Public release date: 19-Nov-2007
Progress in coronary disease death rates grinds to near halt in young adults
Before you plop in front of the television for a day of football, pizza and beer, you might consider this: New research shows that in young adults, decades of hard-won progress in reducing the risk of heart disease appears to be stalling, as recent death rates from coronary disease remain almost unchanged in young men and may even be increasing in women.
The research, conducted at the Centers for Disease Control and Prevention in Atlanta, appears in the November 27, 2007, issue of the Journal of the American College of Cardiology (JACC).
For the study, Dr. Ford and his colleague, Simon Capewell, M.D., of the University of Liverpool, U.K., analyzed United States vital statistics data between 1980 and 2002 for people aged 35 and older. Overall, the news was good: The death rate from coronary disease fell by 52 percent in men and 49 percent in women. When considered from a different perspective, the death rate from coronary disease among men declined, on average, by 2.9 percent per year during the 1980s, 2.6 percent per year during the 1990s, and 4.4 percent per year from 2000 to 2002. Among women, the average annual death rate declined by 2.6 percent, 2.4 percent, and 4.4 percent, respectively.
The numbers told a strikingly different story when the researchers reviewed the data by age. Among men aged 35 to 54, the average annual rate of death from coronary disease fell by 6.2 percent in the 1980s, slowed to 2.3 percent in the 1990s, and leveled off with an annual decline of just 0.5 percent between 2000 and 2002.
In women aged 35 to 54, the average annual rate of death from coronary disease fell by 5.4 percent in the 1980s and slowed to 1.2 percent in the 1990s. Between 2000 and 2002, the death rate actually increased by an average of 1.5 percent per year. This increase was not statistically significant. However, in even younger women—those aged 35 to 44—the rate of death from coronary disease increased by an average of 1.3 percent annually between 1997 and 2002, a finding that was statistically significant.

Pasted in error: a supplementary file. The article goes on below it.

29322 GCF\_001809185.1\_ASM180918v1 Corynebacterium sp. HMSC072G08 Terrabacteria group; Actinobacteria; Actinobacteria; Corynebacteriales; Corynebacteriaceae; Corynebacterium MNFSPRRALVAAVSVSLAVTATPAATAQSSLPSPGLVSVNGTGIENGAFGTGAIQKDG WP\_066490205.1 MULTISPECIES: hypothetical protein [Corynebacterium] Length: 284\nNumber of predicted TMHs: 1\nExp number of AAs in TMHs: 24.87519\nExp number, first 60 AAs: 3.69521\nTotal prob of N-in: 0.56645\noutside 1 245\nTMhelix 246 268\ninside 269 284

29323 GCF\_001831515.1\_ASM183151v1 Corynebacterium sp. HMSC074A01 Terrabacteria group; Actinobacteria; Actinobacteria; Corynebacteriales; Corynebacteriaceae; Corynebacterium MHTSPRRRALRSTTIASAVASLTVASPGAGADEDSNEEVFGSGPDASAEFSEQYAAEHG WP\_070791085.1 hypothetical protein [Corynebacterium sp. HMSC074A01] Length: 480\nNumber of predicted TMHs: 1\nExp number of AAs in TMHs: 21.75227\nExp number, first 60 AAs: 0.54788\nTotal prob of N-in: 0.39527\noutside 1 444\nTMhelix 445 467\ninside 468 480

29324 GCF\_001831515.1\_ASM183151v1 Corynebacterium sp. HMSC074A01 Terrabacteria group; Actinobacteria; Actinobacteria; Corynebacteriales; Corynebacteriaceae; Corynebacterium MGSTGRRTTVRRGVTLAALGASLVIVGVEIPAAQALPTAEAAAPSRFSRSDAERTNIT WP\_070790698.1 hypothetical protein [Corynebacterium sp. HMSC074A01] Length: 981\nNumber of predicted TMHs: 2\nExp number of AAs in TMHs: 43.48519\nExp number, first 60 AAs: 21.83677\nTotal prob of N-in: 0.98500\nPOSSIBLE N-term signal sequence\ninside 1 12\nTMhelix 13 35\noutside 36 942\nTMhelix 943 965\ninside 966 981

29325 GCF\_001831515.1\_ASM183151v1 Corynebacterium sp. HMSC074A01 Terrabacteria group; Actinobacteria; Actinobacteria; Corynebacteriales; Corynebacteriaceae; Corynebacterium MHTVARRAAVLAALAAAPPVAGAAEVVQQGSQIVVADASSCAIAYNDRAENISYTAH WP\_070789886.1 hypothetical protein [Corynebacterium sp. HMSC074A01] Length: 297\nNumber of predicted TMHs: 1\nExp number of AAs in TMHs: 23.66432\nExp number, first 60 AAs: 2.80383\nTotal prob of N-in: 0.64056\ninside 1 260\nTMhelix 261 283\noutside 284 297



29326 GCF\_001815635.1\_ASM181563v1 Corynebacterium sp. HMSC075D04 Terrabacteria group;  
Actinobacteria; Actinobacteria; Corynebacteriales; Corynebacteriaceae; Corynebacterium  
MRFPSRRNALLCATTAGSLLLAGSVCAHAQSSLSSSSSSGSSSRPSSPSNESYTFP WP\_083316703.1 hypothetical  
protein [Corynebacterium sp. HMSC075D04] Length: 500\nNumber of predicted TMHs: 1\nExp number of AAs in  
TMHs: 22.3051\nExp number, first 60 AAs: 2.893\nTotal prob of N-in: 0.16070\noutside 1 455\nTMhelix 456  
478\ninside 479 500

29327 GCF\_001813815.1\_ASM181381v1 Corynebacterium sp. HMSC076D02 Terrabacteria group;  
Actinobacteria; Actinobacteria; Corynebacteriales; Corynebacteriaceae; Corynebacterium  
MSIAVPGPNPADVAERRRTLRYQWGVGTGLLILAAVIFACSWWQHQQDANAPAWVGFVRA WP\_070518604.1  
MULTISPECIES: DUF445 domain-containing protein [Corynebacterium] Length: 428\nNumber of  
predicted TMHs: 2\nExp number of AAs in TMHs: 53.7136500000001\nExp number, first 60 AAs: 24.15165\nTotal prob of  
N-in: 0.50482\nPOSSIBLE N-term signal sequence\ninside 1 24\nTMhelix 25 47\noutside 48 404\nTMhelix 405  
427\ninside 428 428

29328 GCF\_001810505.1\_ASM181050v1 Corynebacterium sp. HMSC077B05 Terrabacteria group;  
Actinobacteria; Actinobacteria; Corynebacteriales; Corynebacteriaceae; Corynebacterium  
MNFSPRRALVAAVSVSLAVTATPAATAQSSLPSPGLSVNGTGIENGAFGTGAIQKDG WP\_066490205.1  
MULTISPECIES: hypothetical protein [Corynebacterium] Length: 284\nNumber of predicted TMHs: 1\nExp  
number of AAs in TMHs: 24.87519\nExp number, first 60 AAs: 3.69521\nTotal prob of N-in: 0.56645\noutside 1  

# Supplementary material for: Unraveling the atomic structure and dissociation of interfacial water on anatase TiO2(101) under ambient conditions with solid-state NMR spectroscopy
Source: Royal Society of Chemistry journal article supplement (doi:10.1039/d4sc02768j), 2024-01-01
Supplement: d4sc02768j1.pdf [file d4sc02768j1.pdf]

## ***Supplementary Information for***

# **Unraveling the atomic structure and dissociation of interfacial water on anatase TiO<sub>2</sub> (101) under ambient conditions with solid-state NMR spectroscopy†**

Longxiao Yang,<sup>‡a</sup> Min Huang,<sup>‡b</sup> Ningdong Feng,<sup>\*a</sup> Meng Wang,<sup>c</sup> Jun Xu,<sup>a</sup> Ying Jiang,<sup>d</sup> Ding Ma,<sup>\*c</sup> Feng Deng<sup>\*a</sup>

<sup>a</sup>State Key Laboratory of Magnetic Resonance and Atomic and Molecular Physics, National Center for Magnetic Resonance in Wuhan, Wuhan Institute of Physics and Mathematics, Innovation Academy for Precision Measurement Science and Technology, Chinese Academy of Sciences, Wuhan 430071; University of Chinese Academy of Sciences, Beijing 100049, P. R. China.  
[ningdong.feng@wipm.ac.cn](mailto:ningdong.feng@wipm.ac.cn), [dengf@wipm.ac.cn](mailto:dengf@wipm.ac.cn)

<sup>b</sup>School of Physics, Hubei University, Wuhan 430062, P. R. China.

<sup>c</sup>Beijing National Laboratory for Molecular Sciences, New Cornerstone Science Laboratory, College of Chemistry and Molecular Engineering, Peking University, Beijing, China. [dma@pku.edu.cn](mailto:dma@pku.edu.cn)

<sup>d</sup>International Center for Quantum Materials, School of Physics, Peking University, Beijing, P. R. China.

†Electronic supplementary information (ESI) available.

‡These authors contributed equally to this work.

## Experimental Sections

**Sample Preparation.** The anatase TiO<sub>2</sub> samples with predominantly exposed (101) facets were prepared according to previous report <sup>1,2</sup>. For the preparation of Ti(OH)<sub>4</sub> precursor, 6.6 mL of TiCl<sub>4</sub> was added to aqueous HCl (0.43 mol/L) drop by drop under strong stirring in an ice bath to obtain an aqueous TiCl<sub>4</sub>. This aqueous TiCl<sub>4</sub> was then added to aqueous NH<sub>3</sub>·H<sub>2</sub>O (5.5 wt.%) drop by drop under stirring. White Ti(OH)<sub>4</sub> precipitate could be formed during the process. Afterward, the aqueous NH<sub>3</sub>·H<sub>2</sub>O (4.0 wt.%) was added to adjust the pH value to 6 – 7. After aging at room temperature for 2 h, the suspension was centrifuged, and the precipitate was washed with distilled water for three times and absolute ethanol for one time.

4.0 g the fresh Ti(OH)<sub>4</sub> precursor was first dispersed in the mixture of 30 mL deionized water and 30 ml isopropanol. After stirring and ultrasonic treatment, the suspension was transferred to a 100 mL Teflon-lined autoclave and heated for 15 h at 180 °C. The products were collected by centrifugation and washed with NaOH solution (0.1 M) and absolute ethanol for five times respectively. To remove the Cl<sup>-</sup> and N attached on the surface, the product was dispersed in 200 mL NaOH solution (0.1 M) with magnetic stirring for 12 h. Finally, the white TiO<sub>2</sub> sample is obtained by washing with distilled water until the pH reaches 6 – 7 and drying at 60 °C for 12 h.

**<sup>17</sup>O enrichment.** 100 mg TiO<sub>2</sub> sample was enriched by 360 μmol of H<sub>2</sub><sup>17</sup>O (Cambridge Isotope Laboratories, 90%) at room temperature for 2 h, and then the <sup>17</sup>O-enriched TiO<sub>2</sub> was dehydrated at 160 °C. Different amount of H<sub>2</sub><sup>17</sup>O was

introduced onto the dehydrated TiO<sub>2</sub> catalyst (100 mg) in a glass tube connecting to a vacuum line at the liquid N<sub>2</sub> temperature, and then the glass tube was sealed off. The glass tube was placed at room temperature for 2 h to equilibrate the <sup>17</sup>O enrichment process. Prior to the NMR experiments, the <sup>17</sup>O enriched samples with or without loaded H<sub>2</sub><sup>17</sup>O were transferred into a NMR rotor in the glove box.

Public release date: 19-Nov-2007
Rogue bacteria involved in both heart disease and infertility
Researcher uncovers how chlamydia sabotages human immunity
Chlamydia pneumoniae is a microbe that normally causes pneumonia and bronchitis, but it has long been associated with atherosclerosis, a cardiovascular disease also called “hardening of the arteries.”
“It was a frightening prospect,” says Azenabor, “that atherosclerosis could come from a bacterial infection.” He decided to look for an explanation.
Chlamydiae are unusual, says the Nigerian-born scientist, because, unlike most other bacteria, they use the same form of cholesterol for metabolism that human cells use. Chlamydiae also are intracellular pathogens, meaning that they can only grow and reproduce inside of another cell.
But these bacteria have another peculiar ability.
Normally, when a pathogen invades human tissue, the immune response unleashes “killer cells” called macrophages, which stretch to engulf the attacker and destroy it with toxin-producing enzymes.
Chlamydiae fight back, says Azenabor, His work shows that, as they are ingested, these two species of Chlamydia can manipulate the functions of protective cells like macrophages in creative ways.
One of the keys lies in the macrophages’ cell walls, which store cholesterol and usually tightly control it.
But when it’s infected with C. pneumoniae, the microbe traffics cholesterol from the macrophage cell membrane to its own, causing a change in the macrophage that makes it rigid and unable to move.
The bacterium also disturbs the macrophage’s production of toxins in a process that transforms them into “signaling molecules,” which support functions that keep the bacterium alive.
“C. pneumoniae really wants to hijack the cell functions for its own use, like a parasite would,” he says. “The macrophage, though, wants to kill Chlamydia, but its killing ability has been converted to signaling.”
This is the reason the infection becomes chronic, Azenabor says. “Because of signaling, everything else in the human cell is still fine except for the altered toxins, so the bacteria can reproduce in a short time.”
As the macrophages become immobile, they accumulate in the blood vessel walls, setting the stage for atherosclerosis.
Infection and pregnancy
Armed with new information about how C. pneumoniae sabotages the immune response, Azenabor, who had also been studying the effects of estrogen on macrophages, turned his attention to another Chlamydia-related puzzle.
How is Chlamydia trachomatis, the species that causes a sexually transmitted disease, involved in the occurrence of spontaneous abortions or miscarriages?